Q: What was the money situation like early on?

A: My parents didn’t have a lot of money. All of our family vacations were by car. So when I flew into New York City to go to New York University, I had never even been on a plane before.

I took the bus from LaGuardia Airport to Grand Central Station, and then walked from there down to NYU, which was about 40 blocks. Seeing the city like that was a shock to the system, since I had grown up in a small town in the middle of cornfields.

Q: Were those early acting years tough financially?

A: I had been bartending on Broadway in theaters, which is where I first met Aaron Sorkin, who was a bar manager at the Palace Theatre at the time, when they were playing “La Cage aux Folles.”

But one of my first shows out of college was with Carol Burnett, which was helpful with my parents, because they knew who she was. I finally got to take my dad out for lunch, and grabbed the check and signed the bill. He looked at me and said, “Well, this is different.”

Q: Which of your roles taught you the most?

A: All roles teach you something new. Different characters have different life rules, and some of those characters end up bleeding into me a little.

Nate Fisher from “Six Feet Under” was very difficult to play, because he was so at odds with himself all the time. That was a defining moment in my career. Working on that show was like a daily meditation on life and death.

Q: Have you thought about the future, and what retirement is going to look like for you?

A: I don’t plan on retiring. I’ll do this as long as I can. I still enjoy acting as much as I ever did. Right now on “9-1-1” I get to be a firefighter, which is basically my childhood dream come true.

Q: You have a kid, so what life lessons do you try to pass along to him?

A: He just turned 17, so I have taught him all sorts of things: How to ride a bike, drive a car. I was even his baseball coach for three years. What I have tried to impart to him the most is to figure out what makes him happy. For myself, I spent a fair amount of time trying to make my parents happy, and wanting to be a success in their eyes. That kind of messed me up. So I want to get my son to listen to his own compass.

(The writer is a Reuters contributor. The opinions expressed are his own.)

(Editing by Beth Pinsker; Editing by David Gregorio)

Source: OANN

NHL: Columbus Blue Jackets at Boston Bruins
Mar 16, 2019; Boston, MA, USA; Irish mix martial artist Conor McGregor watches the first period of play between the Boston Bruins and the Columbus Blue Jackets at the TD Garden. Mandatory Credit: Brian Fluharty-USA TODAY Sports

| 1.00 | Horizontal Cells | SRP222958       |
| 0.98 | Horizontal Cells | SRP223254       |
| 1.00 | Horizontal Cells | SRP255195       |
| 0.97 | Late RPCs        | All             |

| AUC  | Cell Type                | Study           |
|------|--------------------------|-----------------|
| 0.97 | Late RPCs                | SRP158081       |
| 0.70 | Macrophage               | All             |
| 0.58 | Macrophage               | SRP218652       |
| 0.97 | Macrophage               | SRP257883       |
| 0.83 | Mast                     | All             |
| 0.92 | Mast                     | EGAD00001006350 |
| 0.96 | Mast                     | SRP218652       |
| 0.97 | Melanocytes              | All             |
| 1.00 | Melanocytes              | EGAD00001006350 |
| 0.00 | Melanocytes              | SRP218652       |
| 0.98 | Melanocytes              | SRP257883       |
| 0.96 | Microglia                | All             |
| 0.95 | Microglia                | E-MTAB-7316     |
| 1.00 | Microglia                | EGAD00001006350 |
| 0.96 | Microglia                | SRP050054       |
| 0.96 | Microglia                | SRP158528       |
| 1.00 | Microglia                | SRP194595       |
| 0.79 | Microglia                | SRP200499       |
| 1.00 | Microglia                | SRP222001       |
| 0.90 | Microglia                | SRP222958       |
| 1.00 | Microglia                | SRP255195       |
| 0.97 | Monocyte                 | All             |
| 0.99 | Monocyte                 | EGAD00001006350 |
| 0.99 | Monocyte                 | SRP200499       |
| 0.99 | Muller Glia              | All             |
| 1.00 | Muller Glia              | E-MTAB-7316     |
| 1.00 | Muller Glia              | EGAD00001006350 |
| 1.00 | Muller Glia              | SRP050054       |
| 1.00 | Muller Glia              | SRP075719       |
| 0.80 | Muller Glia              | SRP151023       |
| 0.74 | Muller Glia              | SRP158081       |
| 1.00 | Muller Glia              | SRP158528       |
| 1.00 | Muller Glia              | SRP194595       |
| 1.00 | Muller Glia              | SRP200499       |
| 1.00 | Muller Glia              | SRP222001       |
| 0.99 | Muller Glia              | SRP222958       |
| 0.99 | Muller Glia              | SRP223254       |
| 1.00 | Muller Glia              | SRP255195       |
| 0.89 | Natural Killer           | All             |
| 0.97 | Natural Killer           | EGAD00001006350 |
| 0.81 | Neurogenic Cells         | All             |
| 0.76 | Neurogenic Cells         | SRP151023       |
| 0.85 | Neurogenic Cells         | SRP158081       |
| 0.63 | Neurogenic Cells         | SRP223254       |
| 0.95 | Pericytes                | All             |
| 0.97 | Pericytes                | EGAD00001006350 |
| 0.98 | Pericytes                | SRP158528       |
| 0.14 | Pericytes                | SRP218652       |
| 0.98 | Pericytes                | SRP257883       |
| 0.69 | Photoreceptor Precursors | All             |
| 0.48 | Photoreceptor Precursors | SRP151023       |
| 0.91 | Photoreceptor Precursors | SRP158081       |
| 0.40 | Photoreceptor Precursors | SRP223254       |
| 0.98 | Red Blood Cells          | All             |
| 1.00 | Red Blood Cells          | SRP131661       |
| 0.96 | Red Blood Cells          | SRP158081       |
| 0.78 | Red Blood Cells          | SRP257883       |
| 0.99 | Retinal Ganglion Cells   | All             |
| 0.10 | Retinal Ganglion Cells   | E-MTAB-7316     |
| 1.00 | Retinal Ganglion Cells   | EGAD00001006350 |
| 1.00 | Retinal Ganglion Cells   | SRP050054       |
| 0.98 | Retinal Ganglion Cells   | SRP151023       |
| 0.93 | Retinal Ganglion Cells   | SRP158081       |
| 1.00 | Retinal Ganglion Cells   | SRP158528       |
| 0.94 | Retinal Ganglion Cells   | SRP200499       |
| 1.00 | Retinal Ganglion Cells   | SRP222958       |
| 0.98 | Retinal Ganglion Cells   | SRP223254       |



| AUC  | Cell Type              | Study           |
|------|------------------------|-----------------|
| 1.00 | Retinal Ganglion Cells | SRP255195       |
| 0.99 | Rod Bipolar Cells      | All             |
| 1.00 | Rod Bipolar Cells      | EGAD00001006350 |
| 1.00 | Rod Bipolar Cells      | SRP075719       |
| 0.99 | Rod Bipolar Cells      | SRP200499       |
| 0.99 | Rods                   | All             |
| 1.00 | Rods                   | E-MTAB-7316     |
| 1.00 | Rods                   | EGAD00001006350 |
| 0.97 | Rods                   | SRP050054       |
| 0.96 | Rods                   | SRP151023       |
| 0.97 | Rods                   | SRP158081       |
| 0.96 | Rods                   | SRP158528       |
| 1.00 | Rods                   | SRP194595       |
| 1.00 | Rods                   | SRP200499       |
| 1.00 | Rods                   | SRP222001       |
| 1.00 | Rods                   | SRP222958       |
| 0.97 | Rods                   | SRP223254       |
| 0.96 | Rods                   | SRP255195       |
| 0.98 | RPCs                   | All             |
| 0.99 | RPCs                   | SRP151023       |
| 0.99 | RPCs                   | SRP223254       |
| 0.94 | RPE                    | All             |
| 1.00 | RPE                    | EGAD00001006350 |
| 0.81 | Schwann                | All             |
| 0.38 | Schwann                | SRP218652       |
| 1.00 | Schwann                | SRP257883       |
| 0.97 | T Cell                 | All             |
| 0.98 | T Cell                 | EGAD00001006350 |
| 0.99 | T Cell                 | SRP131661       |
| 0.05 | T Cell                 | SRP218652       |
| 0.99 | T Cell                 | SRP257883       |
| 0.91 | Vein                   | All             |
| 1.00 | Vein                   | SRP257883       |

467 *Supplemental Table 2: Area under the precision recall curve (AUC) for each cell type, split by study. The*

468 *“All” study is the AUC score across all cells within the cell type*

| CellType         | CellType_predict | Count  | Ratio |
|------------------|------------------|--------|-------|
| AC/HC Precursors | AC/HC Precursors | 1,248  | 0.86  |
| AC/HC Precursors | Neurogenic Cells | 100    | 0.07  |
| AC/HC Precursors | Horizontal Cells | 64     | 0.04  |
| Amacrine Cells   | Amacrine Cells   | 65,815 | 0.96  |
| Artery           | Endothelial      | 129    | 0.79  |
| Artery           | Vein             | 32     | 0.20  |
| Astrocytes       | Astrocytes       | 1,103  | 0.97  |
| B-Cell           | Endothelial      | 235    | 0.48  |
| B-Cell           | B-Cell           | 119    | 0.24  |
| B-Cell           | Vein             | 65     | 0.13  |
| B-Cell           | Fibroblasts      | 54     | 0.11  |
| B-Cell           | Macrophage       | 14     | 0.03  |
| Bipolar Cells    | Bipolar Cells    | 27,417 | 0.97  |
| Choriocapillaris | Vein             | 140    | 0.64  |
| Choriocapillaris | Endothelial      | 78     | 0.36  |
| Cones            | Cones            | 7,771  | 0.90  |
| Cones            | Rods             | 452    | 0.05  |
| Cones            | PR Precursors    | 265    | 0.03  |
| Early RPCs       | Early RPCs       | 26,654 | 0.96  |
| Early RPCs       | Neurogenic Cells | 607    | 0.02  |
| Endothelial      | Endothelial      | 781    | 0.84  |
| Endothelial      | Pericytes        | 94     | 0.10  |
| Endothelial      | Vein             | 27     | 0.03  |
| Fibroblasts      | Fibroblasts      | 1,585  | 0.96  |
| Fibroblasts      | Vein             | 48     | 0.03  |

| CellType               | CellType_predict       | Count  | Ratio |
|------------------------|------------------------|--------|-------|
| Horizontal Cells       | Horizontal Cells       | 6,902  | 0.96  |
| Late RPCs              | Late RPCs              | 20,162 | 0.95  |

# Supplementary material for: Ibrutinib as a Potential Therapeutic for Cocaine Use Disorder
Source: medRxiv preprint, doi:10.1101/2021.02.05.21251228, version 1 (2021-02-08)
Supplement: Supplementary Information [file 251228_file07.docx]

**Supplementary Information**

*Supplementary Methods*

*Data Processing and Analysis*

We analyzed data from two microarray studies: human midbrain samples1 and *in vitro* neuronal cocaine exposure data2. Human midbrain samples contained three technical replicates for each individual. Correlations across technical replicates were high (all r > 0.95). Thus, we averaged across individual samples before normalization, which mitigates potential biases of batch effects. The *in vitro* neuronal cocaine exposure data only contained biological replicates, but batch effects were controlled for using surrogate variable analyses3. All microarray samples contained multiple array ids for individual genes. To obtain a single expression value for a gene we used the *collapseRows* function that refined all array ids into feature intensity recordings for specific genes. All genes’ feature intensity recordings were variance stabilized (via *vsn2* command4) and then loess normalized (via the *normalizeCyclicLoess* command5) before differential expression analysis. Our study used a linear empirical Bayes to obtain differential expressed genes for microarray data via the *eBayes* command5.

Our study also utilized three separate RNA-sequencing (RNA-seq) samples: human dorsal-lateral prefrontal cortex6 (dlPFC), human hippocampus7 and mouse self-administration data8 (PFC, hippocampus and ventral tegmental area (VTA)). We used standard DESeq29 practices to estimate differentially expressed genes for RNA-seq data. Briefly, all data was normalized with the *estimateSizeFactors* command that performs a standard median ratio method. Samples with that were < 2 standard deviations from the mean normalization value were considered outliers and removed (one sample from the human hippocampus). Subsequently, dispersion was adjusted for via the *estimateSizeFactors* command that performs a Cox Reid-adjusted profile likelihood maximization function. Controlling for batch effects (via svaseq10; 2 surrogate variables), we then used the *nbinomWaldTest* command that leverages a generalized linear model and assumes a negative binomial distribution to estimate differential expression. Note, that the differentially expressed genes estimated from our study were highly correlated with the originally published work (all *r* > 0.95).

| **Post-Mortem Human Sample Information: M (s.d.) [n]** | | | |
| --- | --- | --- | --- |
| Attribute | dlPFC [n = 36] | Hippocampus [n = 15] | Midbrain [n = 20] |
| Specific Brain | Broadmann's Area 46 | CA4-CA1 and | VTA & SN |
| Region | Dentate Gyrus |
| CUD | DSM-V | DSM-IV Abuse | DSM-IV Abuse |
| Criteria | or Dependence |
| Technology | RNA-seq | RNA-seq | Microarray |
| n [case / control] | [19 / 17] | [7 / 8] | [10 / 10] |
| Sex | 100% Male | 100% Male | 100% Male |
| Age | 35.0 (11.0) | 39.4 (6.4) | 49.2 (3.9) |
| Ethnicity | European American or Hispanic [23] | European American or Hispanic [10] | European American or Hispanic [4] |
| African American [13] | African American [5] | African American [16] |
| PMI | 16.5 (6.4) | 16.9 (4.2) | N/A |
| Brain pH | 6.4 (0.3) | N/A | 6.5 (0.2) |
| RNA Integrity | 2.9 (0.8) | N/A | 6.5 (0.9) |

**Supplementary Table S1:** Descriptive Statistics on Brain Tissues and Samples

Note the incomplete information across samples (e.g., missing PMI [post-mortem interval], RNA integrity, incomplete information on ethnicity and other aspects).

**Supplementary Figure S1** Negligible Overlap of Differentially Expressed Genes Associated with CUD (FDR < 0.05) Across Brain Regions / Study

March 17, 2019

(Reuters) – Actor Sylvester Stallone says he believes Conor McGregor is at a crossroad in his life after the MMA fighter’s latest arrest and an earlier loss to Khabib Nurmagomedov.

“If he can’t overcome his fear and beat this man, I think it’ll plague him for the rest of his life,” Stallone, a minority owner of the UFC, told TMZ Sports.

McGregor was arrested in Miami Beach last week after a fan said the Irish mixed martial arts fighter smashed his phone and walked off with the shattered remains, according to police records.

He was booked on suspicion of robbery and criminal mischief and later released on bond.

Nurmagomedov retained his UFC lightweight title with a submission victory over McGregor in October after which a brawl broke out with members of the Russian’s support team arrested.

The 72-year-old Stallone, famous for his action roles including boxer Rocky Balboa, said McGregor should tell himself: “Okay, I’ve gone through a very rough time. I’ve been somewhat publicly humiliated. I’m at a crossroad in my life … I have to overcome an incredible opponent who seems invulnerable.”

Stallone added he would like to see a rematch between McGregor and Nurmagomedov.

“This is a crossroad in his life,” Stallone said of McGregor. “This is probably the most important one because if he doesn’t live up to his ideal … if he can’t overcome his fear and beat this man, I think it’ll plague him for the rest of his life.”

Neither McGregor or a spokesman could be reached for immediate comment.

The fighter was charged in April 2018 with three counts of assault and one count of criminal mischief after police said he attacked a charter bus in New York carrying UFC fighters.

He later pleaded guilty to a reduced disorderly conduct charge.

(Reporting by Gene Cherry in Raleigh, North Carolina, editing by Clare Lovell)

Source: OANN

Venezuela’s oil capital, Maracaibo, was ransacked and looted in the midst of a blackout that hit the country around March 7. Even as the lights started to come back on, looting continued and residents overpowered disputed President Nichloas Maduro’s security forces. Store owners are just now starting to clean up, according a new Bloomberg article, which paints a picture of Venezuela as a country on the edge of total anarchy.